Of course that was true, but it wasn’t proof, and when Mr. Smith said, “That’s a false argument, Natalie,” the Kafka story knotted tight around her stomach, and she couldn’t speak, couldn’t sit down when he asked her to sit, couldn’t walk to the principal’s office until someone was sent to come get her.
“Papers, please,” said the man who came to get her, and she didn’t know what papers he was asking for; she was only certain she didn’t have the ones that would secure her release.
“I’ll have to take the forfeit,” she said – she didn’t know what it would be, only that she would be doomed to take it and to argue otherwise would mean she spent the rest of her life in this office trying to produce something he would satisfy him – and the man sighed as he pulled out a series of blank incident reports and began to write.
It would be a lovely thing, she thought sometimes, if everyone could see the story she was trapped by. She’d stopped talking, out of fear what the story would make her say, but that just meant it sat at the back of her mouth, dry and heavy and waiting.
She had tried to transfer out of Mr. Smith’s class, but the appropriate form was never in stock in the office and the secretary wouldn’t let her make the request without it unless she spoke to Mr. Smith for his permission. She didn’t dare – she was afraid that if she wanted to speak to him he would touch her elbow (he did that sometimes with the girls in class) and the story would shock him like an electric charge. She wouldn’t mind the trouble if he died; it was him living that worried her. If the whole class could see, then she might risk it, but she didn’t want to ever ever speak to him alone.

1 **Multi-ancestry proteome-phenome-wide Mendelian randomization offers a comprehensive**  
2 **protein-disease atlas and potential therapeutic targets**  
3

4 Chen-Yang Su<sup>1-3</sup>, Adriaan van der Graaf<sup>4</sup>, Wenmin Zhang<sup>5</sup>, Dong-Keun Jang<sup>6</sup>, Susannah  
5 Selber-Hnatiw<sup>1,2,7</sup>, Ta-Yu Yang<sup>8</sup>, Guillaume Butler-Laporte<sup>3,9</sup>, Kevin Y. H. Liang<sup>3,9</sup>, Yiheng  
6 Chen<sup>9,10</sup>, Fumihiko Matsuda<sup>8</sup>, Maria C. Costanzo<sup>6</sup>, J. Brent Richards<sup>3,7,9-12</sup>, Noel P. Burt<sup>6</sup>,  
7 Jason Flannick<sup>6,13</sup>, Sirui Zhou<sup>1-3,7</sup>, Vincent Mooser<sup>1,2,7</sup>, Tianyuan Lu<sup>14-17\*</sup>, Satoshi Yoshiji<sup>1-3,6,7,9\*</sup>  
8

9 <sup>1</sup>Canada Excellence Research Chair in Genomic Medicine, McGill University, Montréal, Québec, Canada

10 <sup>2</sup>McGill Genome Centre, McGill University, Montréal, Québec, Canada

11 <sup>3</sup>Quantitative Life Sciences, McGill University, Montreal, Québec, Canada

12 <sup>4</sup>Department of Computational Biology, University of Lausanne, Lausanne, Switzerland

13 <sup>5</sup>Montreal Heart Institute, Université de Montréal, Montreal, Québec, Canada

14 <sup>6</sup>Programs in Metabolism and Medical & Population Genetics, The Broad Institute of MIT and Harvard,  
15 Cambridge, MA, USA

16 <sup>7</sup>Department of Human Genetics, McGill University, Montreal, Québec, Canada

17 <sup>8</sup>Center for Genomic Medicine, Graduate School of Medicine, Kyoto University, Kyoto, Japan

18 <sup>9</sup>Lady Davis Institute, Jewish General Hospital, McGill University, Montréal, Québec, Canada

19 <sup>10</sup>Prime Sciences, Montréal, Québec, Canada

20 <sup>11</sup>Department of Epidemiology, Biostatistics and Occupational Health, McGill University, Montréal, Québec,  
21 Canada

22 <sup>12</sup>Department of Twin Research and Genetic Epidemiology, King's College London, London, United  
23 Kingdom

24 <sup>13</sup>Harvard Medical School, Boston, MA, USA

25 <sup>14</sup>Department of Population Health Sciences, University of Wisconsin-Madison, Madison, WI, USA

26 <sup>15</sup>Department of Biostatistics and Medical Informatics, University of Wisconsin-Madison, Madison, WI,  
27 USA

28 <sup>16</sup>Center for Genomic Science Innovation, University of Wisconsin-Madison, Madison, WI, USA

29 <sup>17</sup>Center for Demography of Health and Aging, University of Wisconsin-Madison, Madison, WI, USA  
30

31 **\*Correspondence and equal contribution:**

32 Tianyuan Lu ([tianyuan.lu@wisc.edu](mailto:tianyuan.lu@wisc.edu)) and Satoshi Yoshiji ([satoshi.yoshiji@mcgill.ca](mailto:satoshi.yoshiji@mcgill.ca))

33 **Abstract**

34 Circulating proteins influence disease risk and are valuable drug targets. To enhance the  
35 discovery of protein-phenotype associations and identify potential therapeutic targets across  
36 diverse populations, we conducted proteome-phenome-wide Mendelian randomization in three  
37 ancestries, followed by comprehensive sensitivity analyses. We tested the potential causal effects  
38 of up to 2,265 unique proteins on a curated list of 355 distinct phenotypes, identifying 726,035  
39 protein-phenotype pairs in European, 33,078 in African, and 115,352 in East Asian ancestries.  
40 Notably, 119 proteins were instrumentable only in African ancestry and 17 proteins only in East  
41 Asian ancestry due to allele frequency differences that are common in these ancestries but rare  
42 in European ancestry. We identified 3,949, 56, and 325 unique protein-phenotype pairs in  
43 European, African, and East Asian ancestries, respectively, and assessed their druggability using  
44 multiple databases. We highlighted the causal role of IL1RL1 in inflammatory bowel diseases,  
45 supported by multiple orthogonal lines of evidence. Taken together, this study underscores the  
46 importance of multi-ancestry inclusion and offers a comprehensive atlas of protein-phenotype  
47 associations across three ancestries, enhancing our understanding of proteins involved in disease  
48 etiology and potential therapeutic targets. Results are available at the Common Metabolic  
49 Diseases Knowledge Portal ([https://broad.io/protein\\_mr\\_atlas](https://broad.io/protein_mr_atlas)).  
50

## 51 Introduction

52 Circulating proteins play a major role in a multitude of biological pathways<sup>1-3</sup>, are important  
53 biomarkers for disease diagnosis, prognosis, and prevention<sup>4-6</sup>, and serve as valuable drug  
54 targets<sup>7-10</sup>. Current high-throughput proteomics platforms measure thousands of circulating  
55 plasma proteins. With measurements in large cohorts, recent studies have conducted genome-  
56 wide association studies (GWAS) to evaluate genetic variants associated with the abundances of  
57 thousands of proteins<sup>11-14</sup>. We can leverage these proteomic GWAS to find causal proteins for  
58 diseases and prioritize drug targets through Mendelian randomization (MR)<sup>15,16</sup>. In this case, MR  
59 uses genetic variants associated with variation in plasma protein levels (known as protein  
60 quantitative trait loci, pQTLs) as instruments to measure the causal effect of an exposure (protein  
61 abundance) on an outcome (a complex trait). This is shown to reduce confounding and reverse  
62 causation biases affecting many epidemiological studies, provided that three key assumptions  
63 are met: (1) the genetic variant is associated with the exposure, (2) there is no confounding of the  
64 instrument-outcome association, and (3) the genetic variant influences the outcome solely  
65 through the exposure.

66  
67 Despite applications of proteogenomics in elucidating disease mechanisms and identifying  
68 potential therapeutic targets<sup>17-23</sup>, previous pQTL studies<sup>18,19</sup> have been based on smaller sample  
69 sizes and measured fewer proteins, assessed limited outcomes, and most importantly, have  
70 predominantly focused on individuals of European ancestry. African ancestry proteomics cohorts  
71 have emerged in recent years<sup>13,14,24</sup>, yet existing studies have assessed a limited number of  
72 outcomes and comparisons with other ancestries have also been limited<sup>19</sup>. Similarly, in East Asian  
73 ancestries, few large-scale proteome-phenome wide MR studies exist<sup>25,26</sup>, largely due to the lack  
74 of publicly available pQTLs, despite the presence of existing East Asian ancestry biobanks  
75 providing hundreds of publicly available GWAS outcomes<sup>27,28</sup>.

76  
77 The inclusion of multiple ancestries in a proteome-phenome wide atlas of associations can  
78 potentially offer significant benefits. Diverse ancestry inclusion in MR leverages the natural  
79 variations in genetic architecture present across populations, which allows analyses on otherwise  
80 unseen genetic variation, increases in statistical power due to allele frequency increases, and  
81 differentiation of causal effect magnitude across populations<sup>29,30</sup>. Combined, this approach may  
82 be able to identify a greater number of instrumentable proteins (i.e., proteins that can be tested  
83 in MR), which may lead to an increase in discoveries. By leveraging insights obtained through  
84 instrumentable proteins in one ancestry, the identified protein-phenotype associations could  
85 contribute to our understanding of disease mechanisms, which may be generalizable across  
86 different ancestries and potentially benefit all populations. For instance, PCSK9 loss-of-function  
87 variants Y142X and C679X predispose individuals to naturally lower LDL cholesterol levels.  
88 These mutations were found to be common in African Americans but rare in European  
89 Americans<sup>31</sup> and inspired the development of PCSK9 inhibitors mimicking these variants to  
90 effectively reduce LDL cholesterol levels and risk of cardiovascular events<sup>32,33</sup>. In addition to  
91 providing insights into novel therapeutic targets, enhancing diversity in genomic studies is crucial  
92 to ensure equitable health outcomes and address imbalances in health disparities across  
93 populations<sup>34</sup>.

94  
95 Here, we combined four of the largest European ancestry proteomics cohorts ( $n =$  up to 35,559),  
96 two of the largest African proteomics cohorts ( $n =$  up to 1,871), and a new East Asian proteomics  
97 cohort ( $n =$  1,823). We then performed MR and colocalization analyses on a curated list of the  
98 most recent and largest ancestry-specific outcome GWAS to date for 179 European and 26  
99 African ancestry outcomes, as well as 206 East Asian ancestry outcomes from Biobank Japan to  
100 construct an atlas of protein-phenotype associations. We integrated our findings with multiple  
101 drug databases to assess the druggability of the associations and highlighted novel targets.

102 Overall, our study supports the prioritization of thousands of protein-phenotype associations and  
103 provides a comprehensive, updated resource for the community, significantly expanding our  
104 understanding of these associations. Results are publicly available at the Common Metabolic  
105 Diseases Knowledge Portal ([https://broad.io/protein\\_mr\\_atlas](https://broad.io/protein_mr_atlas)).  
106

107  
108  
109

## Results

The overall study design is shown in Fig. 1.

Even if there was only one of them conquered – even if it was just Scott, who had taken to walking behind her two or three days a week assuring the smiling neighbors he wanted nothing to do with her kind of people, and nearly brushing her hand with his hand as he explained to her how cruel she was being, how there was no need to look at him that way, how the neighbors would agree that he was leaving her quite alone.
It would be enough if she could turn around and open her mouth and knock him to the ground with the force of it, where he would think poorly of salesmen and find it so hard to get up that his legs would turn to spindles and she would come home for summer break and need only one good kick to send his flattened body skittering into the neighbors’ yard, under the azalea where no one would find it before it sank into the dirt forever.
She thought about it every day. She thought about it so much that the words pressed up against her skull, they pressed her eyes back into their sockets and made them ache so much that she couldn’t bear to open them all the way, and her mother glanced at her over the breakfast table and moved the bread out of reach and said, “You’re looking marvelously thin, Natalie, but you’ll never make friends in this world with a face as sour as that.”
One day she woke to the light through the prison window of her bedroom, and the story had settled so tightly around her that she couldn’t move.
There was panic at first – of course there was panic, it was horrible to be so still and leaden, horrible not to breathe. But it didn’t last long. When you wake up with something like this, it’s only a matter of time.
It was all right to be silent and still, she thought; to move was to attract attention, and everyone would decide it had been your own fault for moving. It was less of a weight just to lie here. She let it settle, and settle, and settle, until when her mother came to fetch her for breakfast, and was surprised to find her gone.